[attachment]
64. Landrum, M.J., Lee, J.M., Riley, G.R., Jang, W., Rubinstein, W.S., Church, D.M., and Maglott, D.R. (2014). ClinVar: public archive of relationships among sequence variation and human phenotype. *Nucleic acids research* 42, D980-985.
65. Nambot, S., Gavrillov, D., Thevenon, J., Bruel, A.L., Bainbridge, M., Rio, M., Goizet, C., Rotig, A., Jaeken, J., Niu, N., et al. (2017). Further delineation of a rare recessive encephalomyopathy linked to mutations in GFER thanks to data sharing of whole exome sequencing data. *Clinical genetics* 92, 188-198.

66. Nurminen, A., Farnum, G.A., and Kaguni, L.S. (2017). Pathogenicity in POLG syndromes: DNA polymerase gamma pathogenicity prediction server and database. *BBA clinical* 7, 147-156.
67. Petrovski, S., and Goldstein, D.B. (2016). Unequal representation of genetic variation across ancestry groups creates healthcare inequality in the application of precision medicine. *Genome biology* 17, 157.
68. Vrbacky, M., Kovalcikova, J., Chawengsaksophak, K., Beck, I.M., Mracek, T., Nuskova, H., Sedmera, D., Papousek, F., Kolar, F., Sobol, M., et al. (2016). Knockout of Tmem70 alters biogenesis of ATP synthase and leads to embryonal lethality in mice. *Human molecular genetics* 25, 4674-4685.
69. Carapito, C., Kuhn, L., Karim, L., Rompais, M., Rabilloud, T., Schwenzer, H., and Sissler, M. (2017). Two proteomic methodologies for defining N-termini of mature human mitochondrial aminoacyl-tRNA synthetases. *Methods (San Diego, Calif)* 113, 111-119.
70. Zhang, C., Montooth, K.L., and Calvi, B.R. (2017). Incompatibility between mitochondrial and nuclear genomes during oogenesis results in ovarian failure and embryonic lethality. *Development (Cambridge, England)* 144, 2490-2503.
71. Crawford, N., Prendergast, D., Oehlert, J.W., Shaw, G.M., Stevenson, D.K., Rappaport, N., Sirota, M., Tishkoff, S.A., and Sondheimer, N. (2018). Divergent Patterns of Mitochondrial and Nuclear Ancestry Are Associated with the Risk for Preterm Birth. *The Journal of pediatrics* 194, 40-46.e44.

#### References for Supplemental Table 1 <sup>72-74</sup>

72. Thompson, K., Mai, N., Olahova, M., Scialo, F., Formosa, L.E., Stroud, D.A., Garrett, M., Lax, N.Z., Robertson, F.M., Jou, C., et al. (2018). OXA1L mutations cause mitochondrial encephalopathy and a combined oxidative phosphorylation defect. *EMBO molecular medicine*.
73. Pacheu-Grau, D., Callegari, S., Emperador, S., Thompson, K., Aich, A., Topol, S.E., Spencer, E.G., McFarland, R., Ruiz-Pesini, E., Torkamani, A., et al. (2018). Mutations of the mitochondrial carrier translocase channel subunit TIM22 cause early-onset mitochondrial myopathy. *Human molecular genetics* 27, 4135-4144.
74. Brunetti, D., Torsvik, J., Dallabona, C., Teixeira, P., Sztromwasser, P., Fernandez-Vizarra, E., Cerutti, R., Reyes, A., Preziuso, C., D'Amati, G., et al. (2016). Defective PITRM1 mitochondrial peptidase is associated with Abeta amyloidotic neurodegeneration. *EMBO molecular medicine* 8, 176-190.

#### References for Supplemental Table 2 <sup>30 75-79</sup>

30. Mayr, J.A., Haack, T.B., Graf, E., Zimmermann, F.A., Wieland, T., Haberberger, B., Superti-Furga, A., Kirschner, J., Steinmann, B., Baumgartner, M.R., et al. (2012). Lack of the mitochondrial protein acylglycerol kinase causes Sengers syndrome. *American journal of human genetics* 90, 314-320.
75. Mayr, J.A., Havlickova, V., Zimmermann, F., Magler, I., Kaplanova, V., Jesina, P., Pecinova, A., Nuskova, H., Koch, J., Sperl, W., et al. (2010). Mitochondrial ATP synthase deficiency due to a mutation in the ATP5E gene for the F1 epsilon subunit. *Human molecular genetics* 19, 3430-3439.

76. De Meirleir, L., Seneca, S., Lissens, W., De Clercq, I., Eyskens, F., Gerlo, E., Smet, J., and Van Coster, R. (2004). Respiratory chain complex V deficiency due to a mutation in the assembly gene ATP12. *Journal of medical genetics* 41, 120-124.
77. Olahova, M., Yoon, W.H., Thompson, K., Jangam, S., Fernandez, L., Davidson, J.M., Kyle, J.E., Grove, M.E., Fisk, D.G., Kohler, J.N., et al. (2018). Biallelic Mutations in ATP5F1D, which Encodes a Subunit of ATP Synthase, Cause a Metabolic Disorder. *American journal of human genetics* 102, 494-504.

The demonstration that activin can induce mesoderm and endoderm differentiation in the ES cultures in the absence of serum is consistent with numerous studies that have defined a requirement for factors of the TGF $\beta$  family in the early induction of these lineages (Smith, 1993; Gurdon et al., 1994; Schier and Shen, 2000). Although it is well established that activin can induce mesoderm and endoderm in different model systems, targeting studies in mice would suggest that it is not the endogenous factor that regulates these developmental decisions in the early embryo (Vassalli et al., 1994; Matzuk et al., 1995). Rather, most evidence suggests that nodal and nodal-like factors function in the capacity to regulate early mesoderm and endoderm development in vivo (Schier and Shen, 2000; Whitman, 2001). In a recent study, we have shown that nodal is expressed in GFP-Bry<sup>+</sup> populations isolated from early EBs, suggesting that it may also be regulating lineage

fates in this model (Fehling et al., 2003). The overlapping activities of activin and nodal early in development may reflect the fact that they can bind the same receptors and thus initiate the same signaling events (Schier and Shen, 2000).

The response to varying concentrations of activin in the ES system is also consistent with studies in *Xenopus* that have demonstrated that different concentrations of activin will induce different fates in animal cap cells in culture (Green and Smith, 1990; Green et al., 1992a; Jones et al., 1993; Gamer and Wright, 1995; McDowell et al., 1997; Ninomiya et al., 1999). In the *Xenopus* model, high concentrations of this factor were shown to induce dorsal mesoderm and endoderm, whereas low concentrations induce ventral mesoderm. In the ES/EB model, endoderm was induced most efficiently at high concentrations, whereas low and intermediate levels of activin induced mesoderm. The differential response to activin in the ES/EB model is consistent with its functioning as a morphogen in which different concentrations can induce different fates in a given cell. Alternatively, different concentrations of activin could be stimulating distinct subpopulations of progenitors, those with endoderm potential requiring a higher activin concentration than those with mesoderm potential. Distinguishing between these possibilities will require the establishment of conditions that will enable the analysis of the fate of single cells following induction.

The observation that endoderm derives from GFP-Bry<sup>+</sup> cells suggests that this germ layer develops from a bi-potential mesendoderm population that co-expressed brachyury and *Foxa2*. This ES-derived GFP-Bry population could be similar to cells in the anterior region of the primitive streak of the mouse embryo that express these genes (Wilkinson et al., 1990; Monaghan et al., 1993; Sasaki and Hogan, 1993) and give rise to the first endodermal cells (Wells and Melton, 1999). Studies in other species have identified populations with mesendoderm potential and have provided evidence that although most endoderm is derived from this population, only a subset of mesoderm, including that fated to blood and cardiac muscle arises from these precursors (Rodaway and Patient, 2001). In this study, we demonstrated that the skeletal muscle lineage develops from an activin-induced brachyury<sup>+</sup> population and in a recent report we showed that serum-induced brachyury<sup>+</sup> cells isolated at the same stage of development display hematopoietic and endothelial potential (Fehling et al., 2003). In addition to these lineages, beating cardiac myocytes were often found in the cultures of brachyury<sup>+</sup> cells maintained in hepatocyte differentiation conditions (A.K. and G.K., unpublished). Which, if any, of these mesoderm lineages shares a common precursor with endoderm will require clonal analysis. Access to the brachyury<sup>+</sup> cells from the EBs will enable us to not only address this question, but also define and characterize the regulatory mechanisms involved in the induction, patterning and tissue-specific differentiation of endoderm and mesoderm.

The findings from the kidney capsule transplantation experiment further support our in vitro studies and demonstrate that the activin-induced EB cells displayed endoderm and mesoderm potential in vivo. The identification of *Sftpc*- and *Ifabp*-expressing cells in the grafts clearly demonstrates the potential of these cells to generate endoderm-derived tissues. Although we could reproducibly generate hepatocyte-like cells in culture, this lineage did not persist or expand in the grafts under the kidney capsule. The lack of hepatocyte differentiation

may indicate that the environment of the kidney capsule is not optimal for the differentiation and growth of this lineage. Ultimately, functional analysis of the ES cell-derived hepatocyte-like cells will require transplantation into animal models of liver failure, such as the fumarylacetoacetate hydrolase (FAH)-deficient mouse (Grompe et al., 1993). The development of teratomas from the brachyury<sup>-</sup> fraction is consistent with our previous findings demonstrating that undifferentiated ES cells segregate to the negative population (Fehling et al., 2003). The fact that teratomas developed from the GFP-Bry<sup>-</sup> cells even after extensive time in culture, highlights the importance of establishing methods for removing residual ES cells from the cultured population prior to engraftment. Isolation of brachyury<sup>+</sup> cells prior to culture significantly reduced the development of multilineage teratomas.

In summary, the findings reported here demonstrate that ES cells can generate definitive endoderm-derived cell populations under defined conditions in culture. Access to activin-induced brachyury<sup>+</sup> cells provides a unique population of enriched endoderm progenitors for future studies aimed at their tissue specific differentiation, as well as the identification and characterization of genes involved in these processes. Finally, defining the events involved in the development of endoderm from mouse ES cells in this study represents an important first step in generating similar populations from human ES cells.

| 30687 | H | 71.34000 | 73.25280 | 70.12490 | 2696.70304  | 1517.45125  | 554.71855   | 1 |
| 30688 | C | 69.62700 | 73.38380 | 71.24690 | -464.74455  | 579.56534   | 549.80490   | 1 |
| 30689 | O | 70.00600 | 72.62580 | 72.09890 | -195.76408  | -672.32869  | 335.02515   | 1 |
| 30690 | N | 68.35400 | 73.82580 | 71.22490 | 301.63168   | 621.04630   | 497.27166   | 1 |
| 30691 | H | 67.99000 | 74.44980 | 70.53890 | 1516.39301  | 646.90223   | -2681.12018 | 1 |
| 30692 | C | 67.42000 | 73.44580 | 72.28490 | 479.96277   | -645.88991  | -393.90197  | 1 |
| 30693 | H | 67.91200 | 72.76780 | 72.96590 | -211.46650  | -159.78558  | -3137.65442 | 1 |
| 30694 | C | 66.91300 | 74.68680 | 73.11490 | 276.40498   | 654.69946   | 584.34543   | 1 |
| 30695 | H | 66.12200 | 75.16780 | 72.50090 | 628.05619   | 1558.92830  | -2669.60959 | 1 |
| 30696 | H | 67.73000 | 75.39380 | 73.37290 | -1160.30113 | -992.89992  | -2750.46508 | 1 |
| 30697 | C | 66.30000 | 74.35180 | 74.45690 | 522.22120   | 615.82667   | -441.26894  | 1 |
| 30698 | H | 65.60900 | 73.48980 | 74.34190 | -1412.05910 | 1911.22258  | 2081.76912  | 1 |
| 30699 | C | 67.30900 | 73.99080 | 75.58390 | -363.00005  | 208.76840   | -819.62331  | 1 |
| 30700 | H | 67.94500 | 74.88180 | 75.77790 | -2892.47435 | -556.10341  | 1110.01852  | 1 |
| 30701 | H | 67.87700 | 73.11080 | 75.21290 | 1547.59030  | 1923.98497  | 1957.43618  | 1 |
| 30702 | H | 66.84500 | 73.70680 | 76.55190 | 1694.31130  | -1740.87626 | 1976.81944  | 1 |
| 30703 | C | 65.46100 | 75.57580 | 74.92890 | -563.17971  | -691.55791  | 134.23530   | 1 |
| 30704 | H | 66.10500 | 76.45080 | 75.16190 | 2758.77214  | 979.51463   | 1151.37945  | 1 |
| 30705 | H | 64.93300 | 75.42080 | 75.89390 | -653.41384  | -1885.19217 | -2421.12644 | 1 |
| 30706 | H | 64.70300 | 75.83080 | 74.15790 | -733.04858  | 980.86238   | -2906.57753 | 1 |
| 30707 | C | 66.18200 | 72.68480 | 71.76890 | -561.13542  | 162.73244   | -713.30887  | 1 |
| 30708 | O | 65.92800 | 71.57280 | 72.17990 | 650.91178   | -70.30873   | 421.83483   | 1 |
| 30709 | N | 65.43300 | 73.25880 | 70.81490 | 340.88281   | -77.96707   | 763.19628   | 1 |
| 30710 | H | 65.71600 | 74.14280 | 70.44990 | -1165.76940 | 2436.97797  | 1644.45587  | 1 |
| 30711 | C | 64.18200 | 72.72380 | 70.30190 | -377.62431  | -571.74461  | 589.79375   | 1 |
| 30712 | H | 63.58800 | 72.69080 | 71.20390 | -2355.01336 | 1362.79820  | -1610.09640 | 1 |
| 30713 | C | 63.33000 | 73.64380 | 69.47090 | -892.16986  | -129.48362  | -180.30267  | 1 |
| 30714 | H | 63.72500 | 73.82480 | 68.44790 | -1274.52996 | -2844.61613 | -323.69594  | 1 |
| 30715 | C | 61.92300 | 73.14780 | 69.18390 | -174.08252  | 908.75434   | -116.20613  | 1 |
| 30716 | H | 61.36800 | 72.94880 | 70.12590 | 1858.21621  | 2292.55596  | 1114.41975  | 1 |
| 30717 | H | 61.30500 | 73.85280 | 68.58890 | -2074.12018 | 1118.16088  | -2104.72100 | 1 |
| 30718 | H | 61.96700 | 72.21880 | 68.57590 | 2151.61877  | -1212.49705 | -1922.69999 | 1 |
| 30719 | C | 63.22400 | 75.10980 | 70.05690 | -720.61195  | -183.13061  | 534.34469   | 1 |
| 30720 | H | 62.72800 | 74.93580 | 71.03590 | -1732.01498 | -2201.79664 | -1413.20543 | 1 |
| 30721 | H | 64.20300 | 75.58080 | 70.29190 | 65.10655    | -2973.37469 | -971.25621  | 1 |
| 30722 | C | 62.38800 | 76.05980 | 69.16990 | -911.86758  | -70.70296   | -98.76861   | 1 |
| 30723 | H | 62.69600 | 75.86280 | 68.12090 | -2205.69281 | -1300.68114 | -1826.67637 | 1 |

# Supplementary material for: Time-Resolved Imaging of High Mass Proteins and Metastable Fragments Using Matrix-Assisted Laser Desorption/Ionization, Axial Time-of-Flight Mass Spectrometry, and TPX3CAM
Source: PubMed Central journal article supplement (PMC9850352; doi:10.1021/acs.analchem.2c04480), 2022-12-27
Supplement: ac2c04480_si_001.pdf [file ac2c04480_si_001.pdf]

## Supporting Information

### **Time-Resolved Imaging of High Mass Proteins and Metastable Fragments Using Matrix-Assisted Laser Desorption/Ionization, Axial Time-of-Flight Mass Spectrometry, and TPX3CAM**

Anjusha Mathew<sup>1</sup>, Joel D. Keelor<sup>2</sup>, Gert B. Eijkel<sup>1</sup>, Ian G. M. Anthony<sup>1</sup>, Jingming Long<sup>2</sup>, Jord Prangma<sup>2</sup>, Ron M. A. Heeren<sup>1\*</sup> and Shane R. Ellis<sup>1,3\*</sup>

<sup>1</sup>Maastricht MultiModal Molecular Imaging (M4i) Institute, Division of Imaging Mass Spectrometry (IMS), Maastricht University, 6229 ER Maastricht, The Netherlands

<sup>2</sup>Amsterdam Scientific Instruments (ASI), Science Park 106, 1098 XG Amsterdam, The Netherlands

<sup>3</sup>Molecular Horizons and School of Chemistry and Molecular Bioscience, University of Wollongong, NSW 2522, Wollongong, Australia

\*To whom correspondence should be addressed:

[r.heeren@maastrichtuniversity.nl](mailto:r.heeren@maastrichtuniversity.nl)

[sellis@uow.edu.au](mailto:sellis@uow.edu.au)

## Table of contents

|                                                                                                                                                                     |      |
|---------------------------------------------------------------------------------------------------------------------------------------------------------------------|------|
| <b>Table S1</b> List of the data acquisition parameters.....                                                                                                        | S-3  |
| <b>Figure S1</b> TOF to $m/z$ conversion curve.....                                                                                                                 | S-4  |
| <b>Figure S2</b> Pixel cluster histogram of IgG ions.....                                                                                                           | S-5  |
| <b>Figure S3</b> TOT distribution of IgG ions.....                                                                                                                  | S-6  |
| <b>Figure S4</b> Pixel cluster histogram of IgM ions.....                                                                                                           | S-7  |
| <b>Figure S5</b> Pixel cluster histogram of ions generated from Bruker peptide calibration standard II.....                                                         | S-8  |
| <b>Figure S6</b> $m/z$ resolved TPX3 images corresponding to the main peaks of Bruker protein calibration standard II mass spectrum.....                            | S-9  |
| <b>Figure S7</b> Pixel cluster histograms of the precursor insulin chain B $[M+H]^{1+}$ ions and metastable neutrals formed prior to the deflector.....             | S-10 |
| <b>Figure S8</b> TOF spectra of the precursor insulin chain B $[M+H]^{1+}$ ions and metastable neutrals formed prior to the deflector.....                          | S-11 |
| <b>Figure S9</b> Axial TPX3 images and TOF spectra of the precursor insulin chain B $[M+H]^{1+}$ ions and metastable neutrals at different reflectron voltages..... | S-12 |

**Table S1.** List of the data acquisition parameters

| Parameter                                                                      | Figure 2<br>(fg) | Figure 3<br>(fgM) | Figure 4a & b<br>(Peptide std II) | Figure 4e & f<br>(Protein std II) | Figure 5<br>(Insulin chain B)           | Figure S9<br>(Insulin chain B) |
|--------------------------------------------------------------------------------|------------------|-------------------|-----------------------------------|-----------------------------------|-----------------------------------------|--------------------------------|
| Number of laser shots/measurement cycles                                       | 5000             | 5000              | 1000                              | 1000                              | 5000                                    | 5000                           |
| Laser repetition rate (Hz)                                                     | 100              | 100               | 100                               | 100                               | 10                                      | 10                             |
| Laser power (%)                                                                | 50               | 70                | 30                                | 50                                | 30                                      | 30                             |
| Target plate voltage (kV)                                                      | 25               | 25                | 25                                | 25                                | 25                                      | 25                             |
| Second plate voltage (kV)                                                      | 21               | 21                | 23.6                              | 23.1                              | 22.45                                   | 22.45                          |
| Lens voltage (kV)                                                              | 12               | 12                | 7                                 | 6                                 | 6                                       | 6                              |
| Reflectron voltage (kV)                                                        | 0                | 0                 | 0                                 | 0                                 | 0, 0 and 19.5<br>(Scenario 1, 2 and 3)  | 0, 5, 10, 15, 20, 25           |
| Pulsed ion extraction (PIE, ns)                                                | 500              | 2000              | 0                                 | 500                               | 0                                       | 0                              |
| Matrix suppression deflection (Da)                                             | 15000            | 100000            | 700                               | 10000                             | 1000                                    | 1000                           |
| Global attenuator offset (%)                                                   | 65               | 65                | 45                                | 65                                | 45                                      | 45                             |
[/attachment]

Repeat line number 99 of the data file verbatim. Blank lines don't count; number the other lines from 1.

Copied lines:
| Global attenuator offset (%)                                                   | 65               | 65                | 45                                | 65                                | 45                                      | 45                             |